Ash could find no such release. Thoughts tumbled about him in alarming clarity. He saw himself for what he was, a coward, a dissembler. The excuses were many, he had memorised them all. Why revolt against the Ispen was impossible, why he must continue as their agent, why it had to be that way, but Ellese with her simple faith had blown them all away like thistledown in the wind. A girl would do what he feared to do, dare to oppose the evil. Could he in all conscience call himself a man leaving her to go alone where he dared not go? As the dim light of dawn filtered through the trees his striving ceased. He knew what he must do no matter the cost.

(I’ve now put all my posts of this together to make it easy to read for anyone that’s interested. All comments and suggestions welcome.)

Fat. (A love Story)



Tess looked down at her burgeoning waistline in despair, how could she “love herself” when every time she looked in a mirror her confidence crashed.

“Mummy, mummy! We’re going to be late!” Taylor’s insistent fingers pulled at her skirt. Self recrimination would have to wait; a sixth birthday party would start in half an hour. Grabbing the car keys and shoving the present under one arm she bustled out the door.

It was the usual chaos, kids yelling and screaming, laughingly unaware of the grim facts of desertion or the realities of trying to hold a family together when half of it was missing. She looked with envy at their host, her size ten jeans still housing a “tight ass” no wonder her husband had stuck around. It was her own fault Steve’s eyes had wandered.

They were serving cake now – to take or to abstain? What was the use, she may as well indulge, what difference would it make? Biting down on chocolate fudge she was disturbed as a large posterior squeezed onto the bench beside her.

“Sorry,” the voice was touched with humor. “I seem to take up all the room these days!” the ample frame was brightened by a friendly grin.

“Tell me about it!” She gestured to her expanding rear end and they both laughed.

“You’re still indulging then,” he gestured to the cake.

“Why not, nothing seems to work anyway.” He laughed pointing to his own chocolate mound which looked like it had faced major attack. They talked for some time easy in each others company till the games ended and two chocolate faced munchkins headed in their direction.

“Can I give you a lift?” the easy repartee faded, he looked slightly awkward.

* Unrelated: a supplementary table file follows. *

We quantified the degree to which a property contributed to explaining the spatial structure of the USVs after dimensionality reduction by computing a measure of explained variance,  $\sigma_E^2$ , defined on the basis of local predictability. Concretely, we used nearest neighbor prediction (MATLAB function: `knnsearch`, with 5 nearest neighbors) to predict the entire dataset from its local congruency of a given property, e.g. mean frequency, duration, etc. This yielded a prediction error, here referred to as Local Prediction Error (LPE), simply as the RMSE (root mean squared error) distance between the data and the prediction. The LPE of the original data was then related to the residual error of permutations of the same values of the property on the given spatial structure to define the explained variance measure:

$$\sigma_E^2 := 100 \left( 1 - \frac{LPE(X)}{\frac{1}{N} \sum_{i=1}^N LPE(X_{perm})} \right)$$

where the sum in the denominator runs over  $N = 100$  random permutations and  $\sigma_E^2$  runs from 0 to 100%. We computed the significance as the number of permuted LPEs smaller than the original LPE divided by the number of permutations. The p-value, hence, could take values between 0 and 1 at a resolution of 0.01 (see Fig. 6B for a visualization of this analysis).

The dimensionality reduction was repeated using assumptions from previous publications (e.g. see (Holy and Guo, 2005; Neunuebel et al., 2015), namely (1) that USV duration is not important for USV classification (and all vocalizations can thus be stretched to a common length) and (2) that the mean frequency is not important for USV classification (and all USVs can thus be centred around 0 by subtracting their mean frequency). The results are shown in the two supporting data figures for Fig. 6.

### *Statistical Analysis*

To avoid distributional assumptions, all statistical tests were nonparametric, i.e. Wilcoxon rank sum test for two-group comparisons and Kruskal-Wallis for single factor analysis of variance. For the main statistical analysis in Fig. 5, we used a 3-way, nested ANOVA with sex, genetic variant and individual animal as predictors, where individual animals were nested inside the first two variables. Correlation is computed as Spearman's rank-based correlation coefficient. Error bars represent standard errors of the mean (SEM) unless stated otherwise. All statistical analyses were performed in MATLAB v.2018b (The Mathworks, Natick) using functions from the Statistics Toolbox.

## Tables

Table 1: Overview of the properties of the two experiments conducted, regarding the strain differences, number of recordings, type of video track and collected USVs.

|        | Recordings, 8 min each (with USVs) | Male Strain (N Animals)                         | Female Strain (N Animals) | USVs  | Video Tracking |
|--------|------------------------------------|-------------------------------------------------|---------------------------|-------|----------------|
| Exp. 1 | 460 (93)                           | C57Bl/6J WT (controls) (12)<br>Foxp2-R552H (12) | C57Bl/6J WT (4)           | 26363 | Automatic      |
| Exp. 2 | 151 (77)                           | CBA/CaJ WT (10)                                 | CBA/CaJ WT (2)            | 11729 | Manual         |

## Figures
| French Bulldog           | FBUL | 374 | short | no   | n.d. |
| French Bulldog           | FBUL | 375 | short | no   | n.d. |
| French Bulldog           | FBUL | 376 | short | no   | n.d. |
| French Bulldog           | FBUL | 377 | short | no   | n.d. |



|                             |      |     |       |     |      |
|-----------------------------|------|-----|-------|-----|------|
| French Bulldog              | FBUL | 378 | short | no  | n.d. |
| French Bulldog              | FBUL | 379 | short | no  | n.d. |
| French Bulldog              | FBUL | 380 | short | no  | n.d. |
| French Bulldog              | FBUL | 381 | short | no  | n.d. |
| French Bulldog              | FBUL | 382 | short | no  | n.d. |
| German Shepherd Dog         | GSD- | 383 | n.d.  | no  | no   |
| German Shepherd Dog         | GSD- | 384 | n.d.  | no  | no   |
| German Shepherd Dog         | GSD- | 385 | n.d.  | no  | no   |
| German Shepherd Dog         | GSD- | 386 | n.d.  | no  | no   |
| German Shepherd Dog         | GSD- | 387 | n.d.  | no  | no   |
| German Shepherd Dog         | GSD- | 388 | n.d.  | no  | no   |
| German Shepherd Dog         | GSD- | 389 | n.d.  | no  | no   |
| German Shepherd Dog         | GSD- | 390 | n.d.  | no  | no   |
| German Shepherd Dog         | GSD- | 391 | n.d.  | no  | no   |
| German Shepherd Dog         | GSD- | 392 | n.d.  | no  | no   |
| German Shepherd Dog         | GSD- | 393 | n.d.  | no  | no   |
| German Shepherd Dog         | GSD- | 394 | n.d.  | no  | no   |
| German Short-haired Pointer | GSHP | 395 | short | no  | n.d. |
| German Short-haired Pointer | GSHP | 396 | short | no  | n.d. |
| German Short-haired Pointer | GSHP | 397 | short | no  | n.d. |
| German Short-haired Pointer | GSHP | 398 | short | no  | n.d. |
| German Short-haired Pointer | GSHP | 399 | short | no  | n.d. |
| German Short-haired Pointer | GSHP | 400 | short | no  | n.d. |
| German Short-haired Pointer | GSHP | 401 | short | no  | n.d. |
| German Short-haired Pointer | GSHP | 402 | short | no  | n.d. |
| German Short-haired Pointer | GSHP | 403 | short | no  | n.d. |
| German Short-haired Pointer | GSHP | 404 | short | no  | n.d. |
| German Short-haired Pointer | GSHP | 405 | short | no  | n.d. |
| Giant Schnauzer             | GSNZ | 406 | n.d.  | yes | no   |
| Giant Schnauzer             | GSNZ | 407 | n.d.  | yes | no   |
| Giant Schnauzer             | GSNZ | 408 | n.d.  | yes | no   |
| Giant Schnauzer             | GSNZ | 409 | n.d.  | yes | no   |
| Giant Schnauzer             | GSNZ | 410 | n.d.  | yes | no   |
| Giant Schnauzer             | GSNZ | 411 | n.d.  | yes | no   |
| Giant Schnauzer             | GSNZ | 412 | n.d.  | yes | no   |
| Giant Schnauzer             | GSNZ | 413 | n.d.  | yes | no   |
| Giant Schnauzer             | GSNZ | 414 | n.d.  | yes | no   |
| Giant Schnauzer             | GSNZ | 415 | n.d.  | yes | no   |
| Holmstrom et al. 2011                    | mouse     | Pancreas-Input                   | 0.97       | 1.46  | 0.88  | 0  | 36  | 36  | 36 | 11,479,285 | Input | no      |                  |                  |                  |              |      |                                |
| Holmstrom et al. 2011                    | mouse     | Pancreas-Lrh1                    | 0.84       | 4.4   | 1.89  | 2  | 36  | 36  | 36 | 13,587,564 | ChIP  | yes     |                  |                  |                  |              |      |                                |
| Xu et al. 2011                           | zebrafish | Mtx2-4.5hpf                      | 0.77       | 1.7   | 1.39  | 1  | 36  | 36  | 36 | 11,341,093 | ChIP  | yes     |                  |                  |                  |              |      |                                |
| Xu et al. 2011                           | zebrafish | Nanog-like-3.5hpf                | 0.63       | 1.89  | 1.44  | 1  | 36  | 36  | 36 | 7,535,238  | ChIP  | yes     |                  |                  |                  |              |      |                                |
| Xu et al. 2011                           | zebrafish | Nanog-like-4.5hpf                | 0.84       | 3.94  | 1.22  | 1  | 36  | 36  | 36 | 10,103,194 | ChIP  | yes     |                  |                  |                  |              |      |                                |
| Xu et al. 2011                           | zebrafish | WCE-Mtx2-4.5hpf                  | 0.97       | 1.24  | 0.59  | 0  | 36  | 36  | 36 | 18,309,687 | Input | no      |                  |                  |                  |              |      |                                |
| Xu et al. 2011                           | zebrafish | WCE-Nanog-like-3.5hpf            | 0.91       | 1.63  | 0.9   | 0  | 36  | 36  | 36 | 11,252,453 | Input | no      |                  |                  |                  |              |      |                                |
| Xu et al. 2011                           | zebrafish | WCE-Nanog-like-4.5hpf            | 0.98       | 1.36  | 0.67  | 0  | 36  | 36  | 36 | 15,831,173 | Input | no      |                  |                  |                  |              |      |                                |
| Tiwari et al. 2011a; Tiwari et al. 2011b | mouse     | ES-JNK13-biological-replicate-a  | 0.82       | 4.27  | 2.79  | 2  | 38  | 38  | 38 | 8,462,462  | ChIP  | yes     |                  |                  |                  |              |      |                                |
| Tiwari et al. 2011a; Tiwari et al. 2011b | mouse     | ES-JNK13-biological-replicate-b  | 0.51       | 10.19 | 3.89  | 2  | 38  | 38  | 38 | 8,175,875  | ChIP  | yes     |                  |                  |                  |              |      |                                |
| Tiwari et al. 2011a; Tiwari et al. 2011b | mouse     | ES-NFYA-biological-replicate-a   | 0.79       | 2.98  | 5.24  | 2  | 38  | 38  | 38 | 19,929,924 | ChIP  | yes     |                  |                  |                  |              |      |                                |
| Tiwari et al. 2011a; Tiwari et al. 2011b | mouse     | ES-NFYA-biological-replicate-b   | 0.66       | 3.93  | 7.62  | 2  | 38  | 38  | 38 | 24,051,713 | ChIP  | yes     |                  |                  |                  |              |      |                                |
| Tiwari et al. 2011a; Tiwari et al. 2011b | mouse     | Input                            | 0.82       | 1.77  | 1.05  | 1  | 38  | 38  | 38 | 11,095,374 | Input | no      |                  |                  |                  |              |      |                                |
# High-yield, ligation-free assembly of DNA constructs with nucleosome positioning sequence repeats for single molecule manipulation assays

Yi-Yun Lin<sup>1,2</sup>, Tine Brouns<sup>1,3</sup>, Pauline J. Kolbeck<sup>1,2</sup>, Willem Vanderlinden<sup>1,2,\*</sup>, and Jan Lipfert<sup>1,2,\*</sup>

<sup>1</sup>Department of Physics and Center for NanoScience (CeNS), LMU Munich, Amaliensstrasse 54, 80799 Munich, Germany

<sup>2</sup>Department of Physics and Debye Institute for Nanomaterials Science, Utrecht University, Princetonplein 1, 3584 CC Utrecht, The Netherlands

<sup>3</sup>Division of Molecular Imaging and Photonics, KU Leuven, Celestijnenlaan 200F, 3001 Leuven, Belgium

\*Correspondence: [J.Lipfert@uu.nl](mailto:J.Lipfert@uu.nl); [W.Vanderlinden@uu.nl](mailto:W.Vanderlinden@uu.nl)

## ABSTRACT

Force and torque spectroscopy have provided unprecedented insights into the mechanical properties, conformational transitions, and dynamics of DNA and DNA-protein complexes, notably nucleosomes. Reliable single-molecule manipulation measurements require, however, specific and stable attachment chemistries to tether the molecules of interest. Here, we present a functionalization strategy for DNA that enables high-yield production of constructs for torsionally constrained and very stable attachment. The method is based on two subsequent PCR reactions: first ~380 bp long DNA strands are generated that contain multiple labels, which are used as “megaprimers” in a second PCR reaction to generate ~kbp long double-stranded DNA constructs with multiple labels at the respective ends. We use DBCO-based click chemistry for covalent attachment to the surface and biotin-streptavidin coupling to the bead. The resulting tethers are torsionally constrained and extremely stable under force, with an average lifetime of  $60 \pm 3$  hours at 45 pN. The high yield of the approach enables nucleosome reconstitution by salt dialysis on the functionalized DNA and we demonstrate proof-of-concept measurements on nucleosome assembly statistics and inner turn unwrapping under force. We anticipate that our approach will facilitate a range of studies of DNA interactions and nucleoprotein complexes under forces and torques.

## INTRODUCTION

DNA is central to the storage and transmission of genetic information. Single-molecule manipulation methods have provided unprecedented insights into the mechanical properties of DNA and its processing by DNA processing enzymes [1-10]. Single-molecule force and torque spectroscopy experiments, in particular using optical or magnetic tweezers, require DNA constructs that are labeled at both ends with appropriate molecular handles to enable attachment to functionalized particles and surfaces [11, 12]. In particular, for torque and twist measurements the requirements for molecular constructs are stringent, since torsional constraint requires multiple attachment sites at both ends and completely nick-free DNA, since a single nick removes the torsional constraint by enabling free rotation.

She waved her car keys, “no thanks, I have my own.”

His smile dropped for a moment then resurfaced. “I’ll see you around then,” he said.

Taylor looked up. “We live in the white house on the corner of James St.” he chimed in.

Tess coloured. “You’re welcome to drop by…” she mumbled. “Yes, come by, me and Jess could play together!” Taylor chimed in loudly. Tess’ tinge turned to scarlet but Ed was smiling.

“How’s about tomorrow night about 7?”

“Sure…” she wanted to sink through the floor, “if you want to…”

“Of course I want to,” Ed beamed, “it’s not often a guy like me gets to talk to a pretty woman.”


Tess looked anxiously at the door. The bell rang. Ed stood there with a bunch of flowers in hand.

“Thought it might be better than a box of chocolates!” he joked. He was making it clear he was interested.

“That’s so good of you! I haven’t had flowers in a long time…”

The evening went well, so did the Saturday meet up at the park. Finally he mustered up the courage to ask her out to dinner. To her astonishment he ordered salad. Flustered and not wanting to look like a pig she poured over the menu.

“Now you order what you want Tess,” he grunted, “I like you just the way you are, but I want to look good for you. There was no reason to stay in shape after my wife died, but now…” he paused embarrassed.

Tess smiled, “I think I’ll have salad too,” she said.

Beyond the Veil .


The Doctor. (first of a series of apocalyptic short stories)

Waking in the silent emptiness of my room my eyes adjust to a shimmering form. I see water cascading down sunlit rocks. This time it is a woman that waits. I watch her bathing in the mottled light of the pool below the falls. I’m disturbed to see her limpid back and arms disfigured by an angry cross work of scars. She is still young, mid-thirties I’d guess.

They are pioneers. It is a glimpse of a time yet to come upon the earth. “They,” for a man has come to call her, his clothes rough and old, hair dark and unkempt, his face shaded with stubble. There is a dog. No, two dogs. He’s been hunting, rabbits hang over his shoulder and he holds a rifle…

Now I see a hut, rough made of logs and timber. In some places leaves and branches still stick out, like it was raised in a hurry by someone not too adept at the job.

He watches as she emerges from the water his passion for her warring with his anger for those scars that mar her beauty. He turns his head as she reaches for her clothes. She seems more at ease with the scars like she no longer harbors anger. I sense they have not been together long. I want to see their story.


Like hitting a rewind button, scenes flash before my eyes.


He was gone when they blew up the house. It was not till later when he was returning that the story began…




A man jumped in front of the car frantically waving. Dan thumped on the brakes. What on earth??

“You can’t go back!” Robert yelled, his face contorting against the half open window. “They are all dead. You have to flee.”

“What are you talking about?” Dan stuttered, “Who’s dead?” Dan had seen plenty of death, but the next words tore his world to shreds.